How often does someone think about stormwater? Most enjoy the sound of the pouring rain. For farmers, the water that falls from the heavens feeds the plants. On a sweltering summer day, the rain is a blessing, cooling everyone.
But stormwater is dangerous. Not only does it increase the risk of landslide and erosion, but it also pollutes waters. For this reason, cities should take significant steps in controlling it. Anyone who likes to build either a home or building needs to present a stormwater management plan and get a permit.
To further understand the need, it’s best to discuss in detail the harmful effects of stormwater.
The Dead Zone
It’s the natural water cycle: heat causes water to evaporate, which then falls back to the ground in the form of rain or snow (or both). Rain and melted snow, though, is also subject to gravity. It needs to find a way down. Two scenarios can happen:
It goes back to the ground with the soil filtering the contents of the water.
Water continues to flow until it finds an “exit.”
The problem can happen in any of these, but with stormwater, the issue appears in the second scenario. As water from the rain or even from the melted snow moves down, it collects a lot of things. These include debris, fertilized soil, manure, and other organic wastes, decaying matter, and a lot more.
If the state or city doesn’t have a clear stormwater management plan, the dirty water continues to flow until it reaches the natural bodies of water.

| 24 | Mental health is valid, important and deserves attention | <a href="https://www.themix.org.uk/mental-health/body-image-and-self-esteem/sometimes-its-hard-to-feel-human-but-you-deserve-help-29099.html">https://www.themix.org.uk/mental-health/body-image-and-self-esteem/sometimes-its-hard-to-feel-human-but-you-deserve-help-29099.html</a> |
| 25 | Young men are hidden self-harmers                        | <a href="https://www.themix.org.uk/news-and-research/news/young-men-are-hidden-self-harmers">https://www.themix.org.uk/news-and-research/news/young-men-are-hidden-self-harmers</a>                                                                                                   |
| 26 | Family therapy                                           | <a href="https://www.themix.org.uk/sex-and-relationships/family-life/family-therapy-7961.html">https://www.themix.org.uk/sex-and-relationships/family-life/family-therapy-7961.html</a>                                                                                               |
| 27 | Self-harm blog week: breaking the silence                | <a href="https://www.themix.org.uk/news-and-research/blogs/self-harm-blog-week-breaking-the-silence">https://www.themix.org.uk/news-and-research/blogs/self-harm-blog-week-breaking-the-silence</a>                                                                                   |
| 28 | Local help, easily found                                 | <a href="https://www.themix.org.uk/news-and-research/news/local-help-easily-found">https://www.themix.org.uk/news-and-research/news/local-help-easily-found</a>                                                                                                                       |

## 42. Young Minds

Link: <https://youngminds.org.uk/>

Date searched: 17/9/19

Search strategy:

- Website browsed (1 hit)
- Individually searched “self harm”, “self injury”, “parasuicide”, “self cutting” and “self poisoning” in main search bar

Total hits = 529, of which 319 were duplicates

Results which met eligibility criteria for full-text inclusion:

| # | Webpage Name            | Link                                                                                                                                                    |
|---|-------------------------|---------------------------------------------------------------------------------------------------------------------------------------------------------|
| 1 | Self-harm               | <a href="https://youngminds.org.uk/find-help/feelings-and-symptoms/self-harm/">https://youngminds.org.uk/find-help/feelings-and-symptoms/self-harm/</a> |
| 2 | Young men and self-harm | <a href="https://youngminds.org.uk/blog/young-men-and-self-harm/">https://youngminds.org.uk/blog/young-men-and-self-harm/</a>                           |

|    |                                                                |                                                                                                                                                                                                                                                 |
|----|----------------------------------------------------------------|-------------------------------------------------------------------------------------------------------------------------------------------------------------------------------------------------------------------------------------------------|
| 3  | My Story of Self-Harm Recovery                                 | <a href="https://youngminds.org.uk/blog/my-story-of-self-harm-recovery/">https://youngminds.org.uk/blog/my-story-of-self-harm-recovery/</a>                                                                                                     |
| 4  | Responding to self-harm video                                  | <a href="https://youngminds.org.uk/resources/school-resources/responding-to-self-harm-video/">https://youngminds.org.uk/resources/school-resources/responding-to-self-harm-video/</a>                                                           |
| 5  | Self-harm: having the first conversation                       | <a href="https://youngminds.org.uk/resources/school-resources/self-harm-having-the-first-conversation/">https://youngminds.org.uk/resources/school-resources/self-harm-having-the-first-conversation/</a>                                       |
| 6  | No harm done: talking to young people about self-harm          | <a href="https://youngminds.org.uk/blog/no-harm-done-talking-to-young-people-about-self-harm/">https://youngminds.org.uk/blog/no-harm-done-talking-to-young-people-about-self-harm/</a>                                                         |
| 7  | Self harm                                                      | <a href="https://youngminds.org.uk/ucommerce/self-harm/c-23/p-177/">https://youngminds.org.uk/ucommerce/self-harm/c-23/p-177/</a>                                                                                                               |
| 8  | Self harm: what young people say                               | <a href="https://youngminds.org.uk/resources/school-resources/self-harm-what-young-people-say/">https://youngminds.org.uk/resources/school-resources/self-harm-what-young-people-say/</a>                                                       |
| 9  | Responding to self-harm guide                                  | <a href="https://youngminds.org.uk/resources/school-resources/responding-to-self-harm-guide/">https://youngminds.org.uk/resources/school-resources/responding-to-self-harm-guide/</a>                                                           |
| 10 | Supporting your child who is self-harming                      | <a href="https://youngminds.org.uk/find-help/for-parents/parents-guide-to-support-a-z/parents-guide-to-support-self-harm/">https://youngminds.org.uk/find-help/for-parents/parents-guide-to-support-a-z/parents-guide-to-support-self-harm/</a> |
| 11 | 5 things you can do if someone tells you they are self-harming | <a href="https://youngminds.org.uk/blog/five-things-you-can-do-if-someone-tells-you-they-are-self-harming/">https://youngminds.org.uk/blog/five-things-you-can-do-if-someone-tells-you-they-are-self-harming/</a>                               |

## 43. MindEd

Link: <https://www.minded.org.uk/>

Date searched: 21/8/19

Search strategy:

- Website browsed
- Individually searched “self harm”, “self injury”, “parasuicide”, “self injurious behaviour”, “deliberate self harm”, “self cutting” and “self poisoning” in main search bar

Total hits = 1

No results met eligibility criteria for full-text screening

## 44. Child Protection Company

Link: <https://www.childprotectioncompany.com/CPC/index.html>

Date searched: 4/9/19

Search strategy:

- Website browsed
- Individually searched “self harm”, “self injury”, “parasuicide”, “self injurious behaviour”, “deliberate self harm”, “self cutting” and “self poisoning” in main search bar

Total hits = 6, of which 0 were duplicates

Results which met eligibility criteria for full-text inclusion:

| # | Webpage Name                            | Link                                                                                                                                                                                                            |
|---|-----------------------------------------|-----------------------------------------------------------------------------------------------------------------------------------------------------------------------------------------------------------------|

There, the dirt, grime, and chemicals combine with either fresh or seawater. Either way, it allows algae to bloom. Now, algae aren’t the bad guys in the story. They also offer plenty of benefits, such as fuel and food for a variety of marine life, like frogs and fish.
However, they multiply fast, and the “added nutrients” from the stormwater, such as nitrogen from fertilizers, can cause the algae to overcrowd the body of water. When they do, they can cut the amount of oxygen marine species get. It then makes the water hypoxic or heavily depleted with oxygen.
Without oxygen, the species die and sink into the bottom. There, microbes can feast on them, further releasing carbon dioxide.
If left uncontrolled, the entire place can become a dead zone. It can no longer sustain life. It can wipe out marine species, destroy the ecosystem, and drive out other new species.
The Cost of Stormwater Pollution
The economic and social costs of water pollution is staggering. The EPA breaks down some of them:
- It results in nearly a billion dollars of losses each year for the tourism industry.
- It raises the cost of water supply.
- The spending on cleanup and removal can be worth millions. The state could have used the same amount for improving social services and infrastructure.
Water pollution also increases social-economic costs. One, it hinders efficient food production, making more people food insecure. In the United States alone, over 35 million were hungry in 2017, according to the USDA.
It can also damage health. These tainted bodies of water can enter the plumbing system and the primary water supply of homes and offices. They can also contaminate crops, which can be dangerous to a person’s health when consumed.
Stormwater management in Idaho goes beyond reducing the risk of soil erosion. It’s all about protecting the marine ecosystem and food chain, preserving tourism, and making the planet more sustainable.